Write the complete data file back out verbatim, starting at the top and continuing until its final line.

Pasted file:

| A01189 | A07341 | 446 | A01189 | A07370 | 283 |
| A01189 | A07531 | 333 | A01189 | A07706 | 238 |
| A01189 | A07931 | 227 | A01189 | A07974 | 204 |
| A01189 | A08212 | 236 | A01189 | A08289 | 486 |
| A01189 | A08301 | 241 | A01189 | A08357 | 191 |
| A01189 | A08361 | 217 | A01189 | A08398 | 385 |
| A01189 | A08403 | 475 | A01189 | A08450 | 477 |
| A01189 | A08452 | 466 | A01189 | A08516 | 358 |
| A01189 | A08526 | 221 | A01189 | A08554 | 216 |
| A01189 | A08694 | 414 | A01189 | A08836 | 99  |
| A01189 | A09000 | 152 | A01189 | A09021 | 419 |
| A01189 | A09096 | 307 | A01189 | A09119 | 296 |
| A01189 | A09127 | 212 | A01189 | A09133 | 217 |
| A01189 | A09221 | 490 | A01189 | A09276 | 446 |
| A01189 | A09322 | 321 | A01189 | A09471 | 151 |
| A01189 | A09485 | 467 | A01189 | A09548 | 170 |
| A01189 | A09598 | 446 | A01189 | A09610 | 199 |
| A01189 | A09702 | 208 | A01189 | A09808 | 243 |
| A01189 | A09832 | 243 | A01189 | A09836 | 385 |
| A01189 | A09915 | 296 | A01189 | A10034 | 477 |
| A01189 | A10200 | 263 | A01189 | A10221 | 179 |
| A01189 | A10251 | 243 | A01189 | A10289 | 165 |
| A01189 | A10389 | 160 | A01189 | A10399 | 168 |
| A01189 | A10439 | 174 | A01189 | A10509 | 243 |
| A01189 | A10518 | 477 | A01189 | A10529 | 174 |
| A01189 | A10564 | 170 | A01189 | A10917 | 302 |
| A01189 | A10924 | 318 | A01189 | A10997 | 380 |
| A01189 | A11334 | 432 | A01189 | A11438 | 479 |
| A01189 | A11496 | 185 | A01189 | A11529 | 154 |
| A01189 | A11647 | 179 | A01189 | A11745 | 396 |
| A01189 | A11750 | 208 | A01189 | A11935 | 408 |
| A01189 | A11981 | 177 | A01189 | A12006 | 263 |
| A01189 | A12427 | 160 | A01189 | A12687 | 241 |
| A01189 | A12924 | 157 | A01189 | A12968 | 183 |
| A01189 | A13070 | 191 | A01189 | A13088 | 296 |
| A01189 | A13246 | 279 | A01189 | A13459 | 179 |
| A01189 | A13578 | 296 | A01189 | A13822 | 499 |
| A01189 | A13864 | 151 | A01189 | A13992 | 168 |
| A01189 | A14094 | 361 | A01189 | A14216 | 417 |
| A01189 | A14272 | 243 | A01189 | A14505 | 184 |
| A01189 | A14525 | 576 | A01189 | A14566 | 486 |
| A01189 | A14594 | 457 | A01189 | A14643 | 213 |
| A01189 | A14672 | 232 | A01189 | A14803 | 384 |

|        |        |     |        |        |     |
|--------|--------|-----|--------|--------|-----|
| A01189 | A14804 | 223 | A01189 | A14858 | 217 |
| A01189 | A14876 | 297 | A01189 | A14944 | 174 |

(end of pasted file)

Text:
| A01189 | A07341 | 446 | A01189 | A07370 | 283 |
| A01189 | A07531 | 333 | A01189 | A07706 | 238 |
| A01189 | A07931 | 227 | A01189 | A07974 | 204 |
| A01189 | A08212 | 236 | A01189 | A08289 | 486 |
| A01189 | A08301 | 241 | A01189 | A08357 | 191 |
| A01189 | A08361 | 217 | A01189 | A08398 | 385 |
| A01189 | A08403 | 475 | A01189 | A08450 | 477 |
| A01189 | A08452 | 466 | A01189 | A08516 | 358 |
| A01189 | A08526 | 221 | A01189 | A08554 | 216 |
| A01189 | A08694 | 414 | A01189 | A08836 | 99  |
| A01189 | A09000 | 152 | A01189 | A09021 | 419 |
| A01189 | A09096 | 307 | A01189 | A09119 | 296 |
| A01189 | A09127 | 212 | A01189 | A09133 | 217 |
| A01189 | A09221 | 490 | A01189 | A09276 | 446 |
| A01189 | A09322 | 321 | A01189 | A09471 | 151 |
| A01189 | A09485 | 467 | A01189 | A09548 | 170 |
| A01189 | A09598 | 446 | A01189 | A09610 | 199 |
| A01189 | A09702 | 208 | A01189 | A09808 | 243 |
| A01189 | A09832 | 243 | A01189 | A09836 | 385 |
| A01189 | A09915 | 296 | A01189 | A10034 | 477 |
| A01189 | A10200 | 263 | A01189 | A10221 | 179 |
| A01189 | A10251 | 243 | A01189 | A10289 | 165 |
| A01189 | A10389 | 160 | A01189 | A10399 | 168 |
| A01189 | A10439 | 174 | A01189 | A10509 | 243 |
| A01189 | A10518 | 477 | A01189 | A10529 | 174 |
| A01189 | A10564 | 170 | A01189 | A10917 | 302 |
| A01189 | A10924 | 318 | A01189 | A10997 | 380 |
| A01189 | A11334 | 432 | A01189 | A11438 | 479 |
| A01189 | A11496 | 185 | A01189 | A11529 | 154 |
| A01189 | A11647 | 179 | A01189 | A11745 | 396 |
| A01189 | A11750 | 208 | A01189 | A11935 | 408 |
| A01189 | A11981 | 177 | A01189 | A12006 | 263 |
| A01189 | A12427 | 160 | A01189 | A12687 | 241 |
| A01189 | A12924 | 157 | A01189 | A12968 | 183 |
| A01189 | A13070 | 191 | A01189 | A13088 | 296 |
| A01189 | A13246 | 279 | A01189 | A13459 | 179 |
| A01189 | A13578 | 296 | A01189 | A13822 | 499 |
| A01189 | A13864 | 151 | A01189 | A13992 | 168 |
| A01189 | A14094 | 361 | A01189 | A14216 | 417 |
| A01189 | A14272 | 243 | A01189 | A14505 | 184 |
| A01189 | A14525 | 576 | A01189 | A14566 | 486 |
| A01189 | A14594 | 457 | A01189 | A14643 | 213 |
| A01189 | A14672 | 232 | A01189 | A14803 | 384 |

|        |        |     |        |        |     |
|--------|--------|-----|--------|--------|-----|
| A01189 | A14804 | 223 | A01189 | A14858 | 217 |
| A01189 | A14876 | 297 | A01189 | A14944 | 174 |